Originally an avid collector of jazz and blues records, Gold’s interest turned to world music while attending college. “I studied African history,” he explains. “That’s where I started to hear African music and I fell in love with it. And it was through African music that I became acquainted with Cuban and Latin American music. Latin American music was very popular in West Africa from the ’50s through the ’60s and it was through musicians I worked with in Mali and Senegal who started playing me Latin music. So it was quite weird getting it through the other end.”
World Circuit has slowly but surely established an impressive catalog of recordings by releasing no more than five or six a year. Each one of those recordings is afforded maximum attention by Gold, right down to the brilliant packaging and superb sound quality. It’s an approach that is lost on the major labels, where noteworthy artists are often lost in the shuffle.
“I think my whole aesthetic for the label might be a bit left over from when I was a collector,” says Gold. “When you’ve got a record that you really like, it’s a very sort of precious thing. And this label is, I thought, an attempt to make records, hopefully, that mean that to someone else...a precious thing that you want to keep and treasure.”
His immediate plans call for follow-up albums by Ali Farke Toure, Senegalese singer Cheikh Lo and Malian singer Oumou Sangare. He plans to be in Havana again by the new year to make three more recordings with Cuban musicians. As for a long term vision for World Circuit, Gold says, “I just want to carry on working with the artists we’re working on. It’s incredible being able to work with artists of this caliber. If you were to work with equivalent artists in other genres, we just wouldn’t be able to afford to do it. So we’re very lucky being able to work with these people.”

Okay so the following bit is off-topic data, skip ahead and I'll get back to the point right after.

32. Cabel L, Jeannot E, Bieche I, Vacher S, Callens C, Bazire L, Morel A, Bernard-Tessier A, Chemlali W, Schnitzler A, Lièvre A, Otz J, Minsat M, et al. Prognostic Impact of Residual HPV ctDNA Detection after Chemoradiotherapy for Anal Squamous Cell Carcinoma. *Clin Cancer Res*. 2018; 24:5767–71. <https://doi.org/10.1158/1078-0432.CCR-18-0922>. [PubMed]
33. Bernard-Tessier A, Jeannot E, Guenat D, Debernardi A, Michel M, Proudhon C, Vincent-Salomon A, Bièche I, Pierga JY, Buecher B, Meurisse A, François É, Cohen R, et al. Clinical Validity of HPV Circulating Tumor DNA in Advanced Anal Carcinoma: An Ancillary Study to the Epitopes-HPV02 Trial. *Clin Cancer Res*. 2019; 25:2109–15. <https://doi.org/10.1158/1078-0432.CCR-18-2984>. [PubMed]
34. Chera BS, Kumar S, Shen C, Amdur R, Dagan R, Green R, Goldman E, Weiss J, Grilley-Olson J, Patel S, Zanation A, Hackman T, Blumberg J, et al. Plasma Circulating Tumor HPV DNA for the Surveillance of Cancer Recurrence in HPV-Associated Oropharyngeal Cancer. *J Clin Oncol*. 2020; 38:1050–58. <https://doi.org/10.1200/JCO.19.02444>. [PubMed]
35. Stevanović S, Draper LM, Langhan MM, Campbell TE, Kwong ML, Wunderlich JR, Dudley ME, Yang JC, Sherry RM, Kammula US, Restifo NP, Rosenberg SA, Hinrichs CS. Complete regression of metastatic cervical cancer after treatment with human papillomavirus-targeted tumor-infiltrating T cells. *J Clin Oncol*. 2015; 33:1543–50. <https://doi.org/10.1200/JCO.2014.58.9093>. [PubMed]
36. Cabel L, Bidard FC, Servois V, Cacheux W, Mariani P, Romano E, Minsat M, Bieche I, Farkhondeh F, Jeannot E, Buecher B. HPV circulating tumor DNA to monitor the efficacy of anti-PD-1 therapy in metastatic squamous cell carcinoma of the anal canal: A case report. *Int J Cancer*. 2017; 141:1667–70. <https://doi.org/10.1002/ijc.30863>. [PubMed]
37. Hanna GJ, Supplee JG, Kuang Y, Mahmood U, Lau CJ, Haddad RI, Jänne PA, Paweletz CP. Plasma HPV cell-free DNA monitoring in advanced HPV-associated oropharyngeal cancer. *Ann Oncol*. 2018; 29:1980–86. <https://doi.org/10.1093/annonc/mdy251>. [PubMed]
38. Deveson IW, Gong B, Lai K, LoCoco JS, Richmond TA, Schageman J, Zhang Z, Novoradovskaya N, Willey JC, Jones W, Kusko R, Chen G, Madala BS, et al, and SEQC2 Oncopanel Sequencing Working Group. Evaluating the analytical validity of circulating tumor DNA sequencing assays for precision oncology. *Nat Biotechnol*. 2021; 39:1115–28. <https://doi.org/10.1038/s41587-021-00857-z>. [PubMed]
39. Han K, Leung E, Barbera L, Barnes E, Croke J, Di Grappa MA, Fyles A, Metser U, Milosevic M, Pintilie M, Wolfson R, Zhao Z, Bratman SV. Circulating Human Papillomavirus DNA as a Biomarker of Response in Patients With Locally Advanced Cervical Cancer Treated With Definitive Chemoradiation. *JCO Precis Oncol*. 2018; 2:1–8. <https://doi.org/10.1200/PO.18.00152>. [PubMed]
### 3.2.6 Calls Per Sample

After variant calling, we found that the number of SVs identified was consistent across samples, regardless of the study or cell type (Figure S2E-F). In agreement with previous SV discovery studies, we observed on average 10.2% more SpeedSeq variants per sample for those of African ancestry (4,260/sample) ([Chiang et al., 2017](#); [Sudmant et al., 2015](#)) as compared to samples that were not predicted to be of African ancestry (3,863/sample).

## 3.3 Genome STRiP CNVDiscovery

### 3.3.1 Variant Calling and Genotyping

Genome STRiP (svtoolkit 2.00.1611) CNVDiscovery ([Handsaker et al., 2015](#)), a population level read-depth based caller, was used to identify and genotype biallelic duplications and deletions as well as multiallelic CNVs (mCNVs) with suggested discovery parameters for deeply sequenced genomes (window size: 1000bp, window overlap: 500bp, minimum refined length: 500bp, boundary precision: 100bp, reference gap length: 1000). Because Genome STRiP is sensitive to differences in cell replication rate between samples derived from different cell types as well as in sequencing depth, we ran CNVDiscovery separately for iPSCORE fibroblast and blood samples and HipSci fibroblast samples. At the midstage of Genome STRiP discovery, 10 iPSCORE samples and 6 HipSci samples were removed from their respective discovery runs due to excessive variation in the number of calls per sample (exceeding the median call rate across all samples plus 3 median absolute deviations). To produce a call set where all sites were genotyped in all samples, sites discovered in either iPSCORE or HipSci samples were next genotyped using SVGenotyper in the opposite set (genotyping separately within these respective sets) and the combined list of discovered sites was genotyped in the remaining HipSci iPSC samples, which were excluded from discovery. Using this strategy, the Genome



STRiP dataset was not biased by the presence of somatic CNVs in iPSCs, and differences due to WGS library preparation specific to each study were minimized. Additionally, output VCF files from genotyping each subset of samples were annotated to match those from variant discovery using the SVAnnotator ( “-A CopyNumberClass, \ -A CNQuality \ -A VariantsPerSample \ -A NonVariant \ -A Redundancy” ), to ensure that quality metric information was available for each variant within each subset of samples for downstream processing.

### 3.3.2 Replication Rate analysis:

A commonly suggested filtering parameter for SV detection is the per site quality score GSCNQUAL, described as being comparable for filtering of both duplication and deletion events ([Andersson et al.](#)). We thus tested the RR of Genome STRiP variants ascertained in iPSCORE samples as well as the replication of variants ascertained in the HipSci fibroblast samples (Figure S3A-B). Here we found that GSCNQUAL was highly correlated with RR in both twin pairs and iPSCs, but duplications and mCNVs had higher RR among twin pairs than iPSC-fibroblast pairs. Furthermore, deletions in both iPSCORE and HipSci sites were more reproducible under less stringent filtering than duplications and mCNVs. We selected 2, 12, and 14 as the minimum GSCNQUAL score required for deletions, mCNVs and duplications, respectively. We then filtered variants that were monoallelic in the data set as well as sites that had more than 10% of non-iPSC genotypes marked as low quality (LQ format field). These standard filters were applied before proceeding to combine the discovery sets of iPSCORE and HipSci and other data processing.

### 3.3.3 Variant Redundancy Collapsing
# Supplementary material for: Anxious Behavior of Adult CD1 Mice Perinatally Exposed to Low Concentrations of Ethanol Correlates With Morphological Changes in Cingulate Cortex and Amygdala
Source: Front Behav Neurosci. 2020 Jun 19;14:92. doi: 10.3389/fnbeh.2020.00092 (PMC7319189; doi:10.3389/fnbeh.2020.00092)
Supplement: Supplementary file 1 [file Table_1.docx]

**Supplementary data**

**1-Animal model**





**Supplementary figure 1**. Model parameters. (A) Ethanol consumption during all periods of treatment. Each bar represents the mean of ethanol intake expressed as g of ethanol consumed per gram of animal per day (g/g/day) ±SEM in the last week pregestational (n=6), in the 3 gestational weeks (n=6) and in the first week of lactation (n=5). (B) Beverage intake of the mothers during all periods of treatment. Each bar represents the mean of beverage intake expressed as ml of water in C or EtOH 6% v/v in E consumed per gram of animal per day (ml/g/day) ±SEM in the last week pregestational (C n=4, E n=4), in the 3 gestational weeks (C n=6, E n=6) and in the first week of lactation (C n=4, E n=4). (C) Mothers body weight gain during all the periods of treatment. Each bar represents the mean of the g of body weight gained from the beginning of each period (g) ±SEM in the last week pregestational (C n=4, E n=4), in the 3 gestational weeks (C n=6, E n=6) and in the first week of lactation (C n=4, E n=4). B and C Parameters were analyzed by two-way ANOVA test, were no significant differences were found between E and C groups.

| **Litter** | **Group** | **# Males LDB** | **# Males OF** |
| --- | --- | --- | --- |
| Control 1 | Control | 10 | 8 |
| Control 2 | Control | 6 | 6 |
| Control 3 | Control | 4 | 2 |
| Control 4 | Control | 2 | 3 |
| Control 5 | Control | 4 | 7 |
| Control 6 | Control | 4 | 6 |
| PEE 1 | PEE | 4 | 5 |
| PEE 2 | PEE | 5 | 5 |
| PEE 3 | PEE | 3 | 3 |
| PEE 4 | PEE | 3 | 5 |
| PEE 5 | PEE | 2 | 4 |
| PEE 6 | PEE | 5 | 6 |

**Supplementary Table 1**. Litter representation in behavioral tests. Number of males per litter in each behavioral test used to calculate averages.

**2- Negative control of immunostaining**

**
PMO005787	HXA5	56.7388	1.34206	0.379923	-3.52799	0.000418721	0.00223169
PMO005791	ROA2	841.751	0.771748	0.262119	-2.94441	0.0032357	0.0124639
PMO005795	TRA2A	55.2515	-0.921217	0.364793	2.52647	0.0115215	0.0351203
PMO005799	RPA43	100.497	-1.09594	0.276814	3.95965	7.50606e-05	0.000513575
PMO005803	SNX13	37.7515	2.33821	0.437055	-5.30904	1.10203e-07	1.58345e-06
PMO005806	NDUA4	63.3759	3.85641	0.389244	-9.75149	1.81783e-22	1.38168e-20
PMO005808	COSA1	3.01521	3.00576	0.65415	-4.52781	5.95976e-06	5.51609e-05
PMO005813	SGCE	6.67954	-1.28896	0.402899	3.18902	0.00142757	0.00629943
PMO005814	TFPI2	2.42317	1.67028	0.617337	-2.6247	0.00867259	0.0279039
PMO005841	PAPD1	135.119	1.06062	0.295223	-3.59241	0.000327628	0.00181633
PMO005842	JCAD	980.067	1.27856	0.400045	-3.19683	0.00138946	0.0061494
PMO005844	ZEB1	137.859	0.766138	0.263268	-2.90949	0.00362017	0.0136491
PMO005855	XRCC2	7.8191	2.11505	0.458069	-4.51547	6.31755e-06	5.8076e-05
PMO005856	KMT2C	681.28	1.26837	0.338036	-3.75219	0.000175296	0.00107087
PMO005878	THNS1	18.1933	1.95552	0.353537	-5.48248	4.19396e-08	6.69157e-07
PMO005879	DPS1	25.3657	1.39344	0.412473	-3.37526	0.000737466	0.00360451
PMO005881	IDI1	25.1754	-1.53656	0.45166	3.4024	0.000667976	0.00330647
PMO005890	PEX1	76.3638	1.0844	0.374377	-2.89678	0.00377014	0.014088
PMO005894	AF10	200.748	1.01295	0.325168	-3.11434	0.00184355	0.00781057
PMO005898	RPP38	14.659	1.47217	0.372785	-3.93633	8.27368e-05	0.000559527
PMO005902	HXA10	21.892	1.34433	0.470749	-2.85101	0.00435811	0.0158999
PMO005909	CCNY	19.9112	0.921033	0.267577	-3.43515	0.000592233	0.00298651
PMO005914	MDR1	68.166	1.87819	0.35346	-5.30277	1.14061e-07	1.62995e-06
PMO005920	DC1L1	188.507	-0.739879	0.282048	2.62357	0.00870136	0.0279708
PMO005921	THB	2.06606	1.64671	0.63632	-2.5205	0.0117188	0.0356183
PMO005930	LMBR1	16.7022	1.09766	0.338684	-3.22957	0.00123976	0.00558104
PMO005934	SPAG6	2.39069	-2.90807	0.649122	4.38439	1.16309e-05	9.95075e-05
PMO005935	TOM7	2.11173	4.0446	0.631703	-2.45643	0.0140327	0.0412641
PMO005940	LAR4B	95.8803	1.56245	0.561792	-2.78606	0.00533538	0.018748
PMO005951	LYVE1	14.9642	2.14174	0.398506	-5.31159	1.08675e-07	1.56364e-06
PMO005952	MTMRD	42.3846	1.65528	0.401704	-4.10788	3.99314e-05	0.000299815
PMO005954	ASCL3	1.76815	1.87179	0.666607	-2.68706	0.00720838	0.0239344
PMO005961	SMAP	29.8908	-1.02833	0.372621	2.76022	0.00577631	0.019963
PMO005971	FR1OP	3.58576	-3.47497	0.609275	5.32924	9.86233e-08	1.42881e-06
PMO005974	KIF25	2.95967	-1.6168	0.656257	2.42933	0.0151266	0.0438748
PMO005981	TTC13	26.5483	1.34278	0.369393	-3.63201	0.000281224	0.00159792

And although his original love was jazz and blues, he has no plans to start recording those kinds of projects. “Not at the moment,” he says, “just because there’s so much else to do. There’s so many artists I want to work with in Cuba and West Africa. And also because I don’t want to start releasing a huge amount of records. I think I’m quite happy carrying on where we are at the moment.”
Meanwhile, World Circuit has already developed its own strong signature in the minds of world music record buyers. As Gold acknowledges, after 11 years of striving, “It’s only now that we seem to get some reflection on that, where people are beginning to notice, ‘Oh, I like this record and I like that one. And they’re on the same label.’ So this has developed. And I think that’s come about almost by accident, just by carrying on, working how I was working rather than with that goal in mind.”
While some of the artists on World Circuit have already made triumphant tours of Europe (pianist Ruben Gonzalez recently got a five-minute ovation at a Vienna concert hall before he played a note), the U.S. embargo of Cuba has prevented exposure Stateside. Gold hopes to find a loophole in that bureaucratic tangle. “It looks as if the Afro-Cuban All-Stars will be touring the States in September next year.” One can only hope.